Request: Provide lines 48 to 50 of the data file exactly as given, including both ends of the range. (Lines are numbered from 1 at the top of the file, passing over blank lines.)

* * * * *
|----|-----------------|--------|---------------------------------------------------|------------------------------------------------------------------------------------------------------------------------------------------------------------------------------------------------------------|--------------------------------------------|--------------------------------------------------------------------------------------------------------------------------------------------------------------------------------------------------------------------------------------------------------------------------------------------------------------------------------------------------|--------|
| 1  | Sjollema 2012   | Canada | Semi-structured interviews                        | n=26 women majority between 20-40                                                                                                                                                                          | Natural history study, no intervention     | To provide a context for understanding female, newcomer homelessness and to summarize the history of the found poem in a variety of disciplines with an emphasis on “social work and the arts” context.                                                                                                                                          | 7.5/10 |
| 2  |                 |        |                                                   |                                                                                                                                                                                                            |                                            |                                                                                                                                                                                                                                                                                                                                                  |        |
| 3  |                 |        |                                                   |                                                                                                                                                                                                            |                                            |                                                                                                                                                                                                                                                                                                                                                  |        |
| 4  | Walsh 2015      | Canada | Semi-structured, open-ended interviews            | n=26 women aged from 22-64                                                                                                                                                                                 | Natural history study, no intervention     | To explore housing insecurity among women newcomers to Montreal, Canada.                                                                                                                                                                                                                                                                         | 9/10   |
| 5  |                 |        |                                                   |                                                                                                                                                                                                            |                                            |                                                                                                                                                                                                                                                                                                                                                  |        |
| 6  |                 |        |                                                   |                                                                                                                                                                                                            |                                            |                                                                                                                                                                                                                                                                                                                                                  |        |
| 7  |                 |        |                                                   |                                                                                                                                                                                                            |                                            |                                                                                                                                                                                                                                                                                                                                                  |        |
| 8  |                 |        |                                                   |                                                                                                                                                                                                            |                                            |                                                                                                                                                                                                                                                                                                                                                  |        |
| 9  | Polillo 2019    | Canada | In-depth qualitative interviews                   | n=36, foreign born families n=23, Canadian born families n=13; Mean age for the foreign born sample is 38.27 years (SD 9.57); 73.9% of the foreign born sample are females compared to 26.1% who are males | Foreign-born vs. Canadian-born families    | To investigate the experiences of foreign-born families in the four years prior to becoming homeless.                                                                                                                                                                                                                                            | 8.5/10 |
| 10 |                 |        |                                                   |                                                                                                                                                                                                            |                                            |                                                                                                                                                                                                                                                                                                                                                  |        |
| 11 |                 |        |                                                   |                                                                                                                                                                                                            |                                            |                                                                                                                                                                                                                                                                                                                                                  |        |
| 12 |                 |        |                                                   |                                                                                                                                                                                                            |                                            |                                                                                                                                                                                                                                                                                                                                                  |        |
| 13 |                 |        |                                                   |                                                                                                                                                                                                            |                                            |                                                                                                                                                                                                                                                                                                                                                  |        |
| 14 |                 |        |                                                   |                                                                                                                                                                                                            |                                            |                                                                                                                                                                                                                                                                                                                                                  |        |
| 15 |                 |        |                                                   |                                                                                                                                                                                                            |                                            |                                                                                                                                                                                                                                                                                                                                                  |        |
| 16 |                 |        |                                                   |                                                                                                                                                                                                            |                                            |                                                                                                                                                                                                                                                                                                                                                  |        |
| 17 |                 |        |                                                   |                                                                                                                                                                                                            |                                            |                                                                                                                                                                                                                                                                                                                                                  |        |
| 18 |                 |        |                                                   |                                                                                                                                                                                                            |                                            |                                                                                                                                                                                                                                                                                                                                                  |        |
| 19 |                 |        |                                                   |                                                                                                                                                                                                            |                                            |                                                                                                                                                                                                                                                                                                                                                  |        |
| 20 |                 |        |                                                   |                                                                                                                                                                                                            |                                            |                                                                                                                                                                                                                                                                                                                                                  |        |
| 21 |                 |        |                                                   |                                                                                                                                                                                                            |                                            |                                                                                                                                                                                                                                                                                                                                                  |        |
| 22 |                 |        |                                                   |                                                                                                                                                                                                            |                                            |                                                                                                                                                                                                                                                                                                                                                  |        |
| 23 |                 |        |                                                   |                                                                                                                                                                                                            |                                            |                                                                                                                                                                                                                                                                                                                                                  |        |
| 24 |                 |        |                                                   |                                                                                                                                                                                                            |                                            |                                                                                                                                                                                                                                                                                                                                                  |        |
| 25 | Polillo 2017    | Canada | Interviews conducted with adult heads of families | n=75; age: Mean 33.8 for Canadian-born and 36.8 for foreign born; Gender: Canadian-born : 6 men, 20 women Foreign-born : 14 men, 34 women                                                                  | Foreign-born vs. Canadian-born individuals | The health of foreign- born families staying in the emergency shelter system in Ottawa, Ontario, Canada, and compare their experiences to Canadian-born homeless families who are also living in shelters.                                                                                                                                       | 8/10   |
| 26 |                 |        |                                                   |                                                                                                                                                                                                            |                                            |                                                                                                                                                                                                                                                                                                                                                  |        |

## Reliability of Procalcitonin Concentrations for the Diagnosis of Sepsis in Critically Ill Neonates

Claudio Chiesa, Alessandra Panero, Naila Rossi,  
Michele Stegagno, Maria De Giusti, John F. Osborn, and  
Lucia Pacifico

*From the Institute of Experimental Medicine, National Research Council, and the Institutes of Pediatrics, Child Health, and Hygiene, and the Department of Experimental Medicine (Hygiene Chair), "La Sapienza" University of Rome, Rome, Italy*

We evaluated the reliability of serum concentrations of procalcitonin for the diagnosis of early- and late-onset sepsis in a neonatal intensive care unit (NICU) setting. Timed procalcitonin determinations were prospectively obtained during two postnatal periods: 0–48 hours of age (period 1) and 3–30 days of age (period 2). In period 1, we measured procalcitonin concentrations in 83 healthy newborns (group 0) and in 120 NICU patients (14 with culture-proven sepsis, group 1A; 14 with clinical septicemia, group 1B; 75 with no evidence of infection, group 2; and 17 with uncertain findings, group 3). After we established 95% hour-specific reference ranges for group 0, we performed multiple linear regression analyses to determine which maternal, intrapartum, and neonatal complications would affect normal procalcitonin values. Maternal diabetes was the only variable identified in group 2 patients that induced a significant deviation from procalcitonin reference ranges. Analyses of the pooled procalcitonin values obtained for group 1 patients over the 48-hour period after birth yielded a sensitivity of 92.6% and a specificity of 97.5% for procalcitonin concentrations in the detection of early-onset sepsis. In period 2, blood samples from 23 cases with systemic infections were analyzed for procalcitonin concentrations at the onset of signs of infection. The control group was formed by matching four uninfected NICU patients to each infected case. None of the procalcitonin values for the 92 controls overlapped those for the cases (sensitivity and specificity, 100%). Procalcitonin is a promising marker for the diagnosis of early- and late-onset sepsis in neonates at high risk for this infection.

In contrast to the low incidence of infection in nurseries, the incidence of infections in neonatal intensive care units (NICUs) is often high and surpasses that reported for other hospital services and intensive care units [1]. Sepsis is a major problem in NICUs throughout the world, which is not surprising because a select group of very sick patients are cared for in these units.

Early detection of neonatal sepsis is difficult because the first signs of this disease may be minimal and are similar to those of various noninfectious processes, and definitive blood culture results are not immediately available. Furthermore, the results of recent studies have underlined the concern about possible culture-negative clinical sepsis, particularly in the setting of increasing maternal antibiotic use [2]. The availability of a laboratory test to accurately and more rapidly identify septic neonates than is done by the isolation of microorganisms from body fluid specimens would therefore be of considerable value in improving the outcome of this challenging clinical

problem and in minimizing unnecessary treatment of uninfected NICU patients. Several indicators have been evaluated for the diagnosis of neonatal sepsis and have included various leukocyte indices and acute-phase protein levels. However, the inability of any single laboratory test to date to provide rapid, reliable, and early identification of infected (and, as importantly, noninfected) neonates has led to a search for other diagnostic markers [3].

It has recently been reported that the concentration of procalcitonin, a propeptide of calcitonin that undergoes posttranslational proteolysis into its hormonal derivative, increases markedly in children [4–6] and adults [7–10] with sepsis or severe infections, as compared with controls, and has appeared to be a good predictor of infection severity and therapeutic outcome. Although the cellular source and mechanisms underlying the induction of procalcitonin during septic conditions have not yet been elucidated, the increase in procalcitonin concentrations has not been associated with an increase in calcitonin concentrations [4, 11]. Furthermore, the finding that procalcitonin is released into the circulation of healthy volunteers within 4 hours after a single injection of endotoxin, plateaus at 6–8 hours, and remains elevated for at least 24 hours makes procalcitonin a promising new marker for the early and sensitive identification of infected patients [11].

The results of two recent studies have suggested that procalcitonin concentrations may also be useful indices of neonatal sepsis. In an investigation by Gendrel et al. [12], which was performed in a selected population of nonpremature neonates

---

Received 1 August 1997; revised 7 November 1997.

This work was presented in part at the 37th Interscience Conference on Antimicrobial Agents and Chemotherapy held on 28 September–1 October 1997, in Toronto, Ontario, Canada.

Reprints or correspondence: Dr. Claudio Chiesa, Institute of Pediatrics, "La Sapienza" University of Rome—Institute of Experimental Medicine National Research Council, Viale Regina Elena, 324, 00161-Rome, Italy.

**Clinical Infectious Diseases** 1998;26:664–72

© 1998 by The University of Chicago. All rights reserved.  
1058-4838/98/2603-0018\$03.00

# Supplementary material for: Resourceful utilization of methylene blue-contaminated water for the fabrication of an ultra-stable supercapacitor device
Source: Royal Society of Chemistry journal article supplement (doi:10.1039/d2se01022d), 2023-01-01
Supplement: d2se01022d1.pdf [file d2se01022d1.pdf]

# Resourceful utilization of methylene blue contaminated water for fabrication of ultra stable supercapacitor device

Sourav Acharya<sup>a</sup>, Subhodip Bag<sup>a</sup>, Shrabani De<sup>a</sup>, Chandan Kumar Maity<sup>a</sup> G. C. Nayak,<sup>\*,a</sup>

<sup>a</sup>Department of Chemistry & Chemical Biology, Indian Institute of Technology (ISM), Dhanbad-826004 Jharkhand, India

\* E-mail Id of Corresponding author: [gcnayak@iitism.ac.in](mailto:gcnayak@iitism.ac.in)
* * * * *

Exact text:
Supplement: d2se01022d1.pdf [file d2se01022d1.pdf]

# Resourceful utilization of methylene blue contaminated water for fabrication of ultra stable supercapacitor device

Sourav Acharya<sup>a</sup>, Subhodip Bag<sup>a</sup>, Shrabani De<sup>a</sup>, Chandan Kumar Maity<sup>a</sup> G. C. Nayak,<sup>\*,a</sup>